April 3, 2006
Medicare Drug Benefit Update: Extended Transition Period Ends; Prior Authorization and Step Therapy Will Begin on Some Medications
Initial transition rules for the Medicare Part D drug benefit expired on March 31, allowing Prescription Drug Plans (PDPs) to begin imposing restrictions on access to some medications on their preferred drug lists (also known as formularies). The transition rules set forth by the Centers for Medicare and Medicaid Services (CMS) have required PDPs to cover any and all medications that were prescribed to an enrollee as of January 1, 2006. Specifically, if a beneficiary was prescribed a medication (including a psychotropic medication) upon enrollment, they were presumed to be stable on that medication and their drug plan was required to cover any refill.
This transition requirement was supposed to have expired at the end of January. However, in response to a difficult initial transition period, CMS extended the transition policy requirement through March 31. More information on the CMS transition policy is available online, including a news alert and a physician Q&A. Other resources for beneficiaries are a Transition Fact Sheet, and a "What If"-sheet for issues after the transtion period.
Beneficiaries May Need to Seek an Exception
Under the transition policy, drug plans are supposed to have been providing notices to beneficiaries, doctors, and pharmacists that a specific refill was covered under the transition policy and that the particular medication is either:
- not on the PDP's formulary (although this should not be occurring with anti-psychotics, antidepressants or anti-convulsants as plans are required to cover "all or substantially all" of these medications),
- subject to a prior authorization requirement (where the drug plan requires prior clearance before a prescription is filled),
- subject to a step therapy edit (where the drug plan requires the enrollee to first try a preferred drug alternative),
- subject to a mandatory generic substitution requirement, or
- subject to a dosage limitation (the dosage or volume of pills prescribed is above the plans recommended limits).
Most Medicare drug plans have some of these restrictions on access as part of their coverage. A report issued last week by the House Government Reform Committee Minority Staff found that 97 percent of the Medicare drug plans place prior authorization or step therapy on at least one of the 100 most prescribed medications. A copy of this report can be viewed online.
In each of these instances (formulary exclusion, prior authorization, step therapy, dosage limitation, etc.), beneficiaries have the ability to seek an "exception" from their drug plan's policy. This is an administrative procedure whereby an enrollee requests that the plan make an exception to the coverage restriction based upon the individual's unique circumstances. Because the grounds for granting an exception are the individual enrollee's clinical status and treatment history, the active involvement of the prescribing physician is essential in the process.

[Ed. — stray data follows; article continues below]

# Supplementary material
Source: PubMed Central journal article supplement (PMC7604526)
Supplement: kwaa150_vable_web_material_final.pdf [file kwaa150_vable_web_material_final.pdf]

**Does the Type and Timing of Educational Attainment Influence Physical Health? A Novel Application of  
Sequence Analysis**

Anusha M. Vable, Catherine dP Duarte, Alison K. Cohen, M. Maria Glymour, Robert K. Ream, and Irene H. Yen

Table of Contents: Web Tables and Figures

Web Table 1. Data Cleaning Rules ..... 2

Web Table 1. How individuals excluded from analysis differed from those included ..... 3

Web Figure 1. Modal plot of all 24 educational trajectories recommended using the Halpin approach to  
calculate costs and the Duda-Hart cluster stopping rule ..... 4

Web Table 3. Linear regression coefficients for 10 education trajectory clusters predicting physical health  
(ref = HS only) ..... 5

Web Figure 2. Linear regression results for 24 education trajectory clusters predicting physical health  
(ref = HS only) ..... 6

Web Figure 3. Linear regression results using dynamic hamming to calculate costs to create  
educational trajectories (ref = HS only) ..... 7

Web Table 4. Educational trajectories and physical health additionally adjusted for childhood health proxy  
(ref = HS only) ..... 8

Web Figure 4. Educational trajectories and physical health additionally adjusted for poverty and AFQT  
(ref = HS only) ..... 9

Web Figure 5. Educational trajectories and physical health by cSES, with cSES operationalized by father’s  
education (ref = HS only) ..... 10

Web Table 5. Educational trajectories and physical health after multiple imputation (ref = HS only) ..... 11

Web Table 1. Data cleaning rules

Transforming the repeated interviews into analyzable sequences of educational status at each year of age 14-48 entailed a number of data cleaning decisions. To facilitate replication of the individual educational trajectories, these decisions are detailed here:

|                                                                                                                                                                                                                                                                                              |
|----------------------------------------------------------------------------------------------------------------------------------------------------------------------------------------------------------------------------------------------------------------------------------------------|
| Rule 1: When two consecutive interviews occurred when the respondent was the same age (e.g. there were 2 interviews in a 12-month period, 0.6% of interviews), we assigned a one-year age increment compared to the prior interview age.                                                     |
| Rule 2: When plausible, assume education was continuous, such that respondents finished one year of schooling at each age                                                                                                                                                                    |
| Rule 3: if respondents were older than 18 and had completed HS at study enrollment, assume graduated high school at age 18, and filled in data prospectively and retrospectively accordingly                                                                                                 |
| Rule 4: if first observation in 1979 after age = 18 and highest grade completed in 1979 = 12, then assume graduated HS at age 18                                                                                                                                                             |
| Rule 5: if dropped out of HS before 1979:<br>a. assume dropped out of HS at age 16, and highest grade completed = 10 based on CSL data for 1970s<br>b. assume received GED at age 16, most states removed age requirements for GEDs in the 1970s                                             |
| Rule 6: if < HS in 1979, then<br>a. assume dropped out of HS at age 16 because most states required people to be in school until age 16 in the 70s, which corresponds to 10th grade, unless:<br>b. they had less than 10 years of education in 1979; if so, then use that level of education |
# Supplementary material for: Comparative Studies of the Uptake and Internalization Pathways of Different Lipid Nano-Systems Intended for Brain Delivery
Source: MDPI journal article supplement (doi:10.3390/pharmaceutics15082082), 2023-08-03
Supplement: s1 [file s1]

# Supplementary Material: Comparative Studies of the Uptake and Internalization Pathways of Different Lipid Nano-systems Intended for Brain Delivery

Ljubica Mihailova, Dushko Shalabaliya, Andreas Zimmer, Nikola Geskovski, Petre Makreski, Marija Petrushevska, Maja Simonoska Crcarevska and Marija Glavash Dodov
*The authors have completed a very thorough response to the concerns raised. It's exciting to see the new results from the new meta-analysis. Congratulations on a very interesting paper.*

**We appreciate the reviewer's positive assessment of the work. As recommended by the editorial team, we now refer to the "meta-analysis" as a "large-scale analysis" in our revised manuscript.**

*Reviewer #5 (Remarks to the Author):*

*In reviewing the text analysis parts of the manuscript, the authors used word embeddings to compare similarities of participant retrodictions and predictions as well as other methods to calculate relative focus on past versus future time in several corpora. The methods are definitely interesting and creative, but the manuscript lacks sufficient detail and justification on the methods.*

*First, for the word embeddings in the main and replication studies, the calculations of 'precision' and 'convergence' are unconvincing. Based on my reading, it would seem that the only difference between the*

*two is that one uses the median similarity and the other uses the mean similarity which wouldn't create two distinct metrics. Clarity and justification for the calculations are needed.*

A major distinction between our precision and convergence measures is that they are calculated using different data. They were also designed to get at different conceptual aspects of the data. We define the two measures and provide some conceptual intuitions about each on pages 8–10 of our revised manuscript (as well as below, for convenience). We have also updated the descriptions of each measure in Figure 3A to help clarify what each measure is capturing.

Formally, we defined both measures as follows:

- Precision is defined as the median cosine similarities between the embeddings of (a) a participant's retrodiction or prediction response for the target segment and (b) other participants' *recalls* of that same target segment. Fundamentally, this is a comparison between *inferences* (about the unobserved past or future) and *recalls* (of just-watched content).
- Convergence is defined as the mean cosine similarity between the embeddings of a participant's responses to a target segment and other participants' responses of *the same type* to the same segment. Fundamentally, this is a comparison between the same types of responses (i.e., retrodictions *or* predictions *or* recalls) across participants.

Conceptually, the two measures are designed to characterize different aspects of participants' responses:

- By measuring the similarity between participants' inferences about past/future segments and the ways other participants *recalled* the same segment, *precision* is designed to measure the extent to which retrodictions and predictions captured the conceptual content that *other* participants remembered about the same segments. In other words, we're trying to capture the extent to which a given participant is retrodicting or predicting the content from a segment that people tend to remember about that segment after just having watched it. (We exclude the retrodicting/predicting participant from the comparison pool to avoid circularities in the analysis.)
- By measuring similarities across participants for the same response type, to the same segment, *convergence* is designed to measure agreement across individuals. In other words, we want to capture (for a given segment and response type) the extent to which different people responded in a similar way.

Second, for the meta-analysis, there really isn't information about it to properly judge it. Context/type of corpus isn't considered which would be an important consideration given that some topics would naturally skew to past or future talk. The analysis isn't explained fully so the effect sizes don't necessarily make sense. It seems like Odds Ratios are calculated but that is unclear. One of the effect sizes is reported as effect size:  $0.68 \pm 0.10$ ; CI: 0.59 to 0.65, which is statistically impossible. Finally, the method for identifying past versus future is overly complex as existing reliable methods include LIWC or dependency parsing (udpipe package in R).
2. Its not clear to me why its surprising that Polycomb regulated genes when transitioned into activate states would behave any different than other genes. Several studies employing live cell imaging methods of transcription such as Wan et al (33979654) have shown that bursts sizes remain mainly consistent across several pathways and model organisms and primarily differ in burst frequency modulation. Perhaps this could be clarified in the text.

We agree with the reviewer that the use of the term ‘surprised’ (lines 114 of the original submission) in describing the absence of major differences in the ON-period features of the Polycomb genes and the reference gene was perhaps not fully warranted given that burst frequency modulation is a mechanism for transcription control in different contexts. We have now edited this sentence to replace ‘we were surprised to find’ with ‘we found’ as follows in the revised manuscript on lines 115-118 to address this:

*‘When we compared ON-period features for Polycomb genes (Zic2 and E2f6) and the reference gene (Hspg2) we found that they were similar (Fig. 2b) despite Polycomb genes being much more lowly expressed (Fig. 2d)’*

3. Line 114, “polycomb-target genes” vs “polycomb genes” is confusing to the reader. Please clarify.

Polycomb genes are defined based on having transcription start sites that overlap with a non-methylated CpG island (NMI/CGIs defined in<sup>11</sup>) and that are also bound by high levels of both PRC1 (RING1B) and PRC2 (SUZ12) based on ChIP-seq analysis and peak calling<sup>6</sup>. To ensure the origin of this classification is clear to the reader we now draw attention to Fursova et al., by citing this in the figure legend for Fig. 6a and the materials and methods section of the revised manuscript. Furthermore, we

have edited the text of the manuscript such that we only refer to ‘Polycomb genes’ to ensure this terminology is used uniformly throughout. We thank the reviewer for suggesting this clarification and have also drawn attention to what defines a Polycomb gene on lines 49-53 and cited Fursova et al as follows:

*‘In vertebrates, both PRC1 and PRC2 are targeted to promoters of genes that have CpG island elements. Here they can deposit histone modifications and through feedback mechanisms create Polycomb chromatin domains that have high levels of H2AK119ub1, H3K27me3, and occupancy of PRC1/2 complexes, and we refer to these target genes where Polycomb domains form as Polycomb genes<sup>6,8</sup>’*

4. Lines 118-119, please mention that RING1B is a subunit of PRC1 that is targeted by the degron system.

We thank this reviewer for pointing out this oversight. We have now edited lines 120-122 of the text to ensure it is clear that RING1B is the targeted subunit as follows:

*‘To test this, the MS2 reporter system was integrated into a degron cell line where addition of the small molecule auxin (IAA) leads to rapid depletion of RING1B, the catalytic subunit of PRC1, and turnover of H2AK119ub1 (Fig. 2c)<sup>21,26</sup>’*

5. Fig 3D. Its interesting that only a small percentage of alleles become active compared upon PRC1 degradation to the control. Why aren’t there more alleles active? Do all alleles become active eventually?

A critical step for some Medicare beneficiaries will be contacting their drug plan and/or their physician to find out if their medications have thus far been refilled in accordance with the plan's transition policy. The rules for Medicare Part D allow drug plans to require that requests for exception be made in writing by the prescribing physician. Each Medicare drug is allowed to have their own written form for exceptions, although CMS has established a model form that has been recommended to all plans. More importantly, Medicare drug plans are required to respond to an exception request within 72 hours – and as quickly as 24 hours in certain emergencies. If an exception is denied, plan enrollees can appeal to an Independent Review Entity (IRE) that is outside of the drug plan's influence.
More information on how to seek an exception or seek an administrative appeal is available online.
Overall Part D Enrollment Tops 27 Million
The past month has seen a surge in enrollment in the new Medicare drug benefit, with 2 million beneficiaries signing up in the past month. The number of beneficiaries who have individually enrolled now exceeds 7.2 million. The other nearly 20 million enrollees were automatically enrolled through other programs or are retirees whose former employers are receiving subsidies under the program.
Of particular concern are the more than 7 million low-income Medicare beneficiaries projected to be eligible for a generous subsidy (as much as $4,000 annually) in order to afford drug coverage. Thus far, less than 2 million beneficiaries have been signed up for the subsidy. It should be noted that all of these low-income beneficiaries are above Medicaid eligibility and as a result most did not have coverage prior to the new drug benefit. NAMI is currently working with CMS and a broad coalition of national organizations (including the National Council on Aging, AARP, and others) to develop strategies to help reach these beneficiaries before the May 15, 2006 deadline for open enrollment.
Beneficiaries must separately apply for the low-income subsidy (LIS), also known as "extra help" through the Social Security Administration (SSA). The application is available online.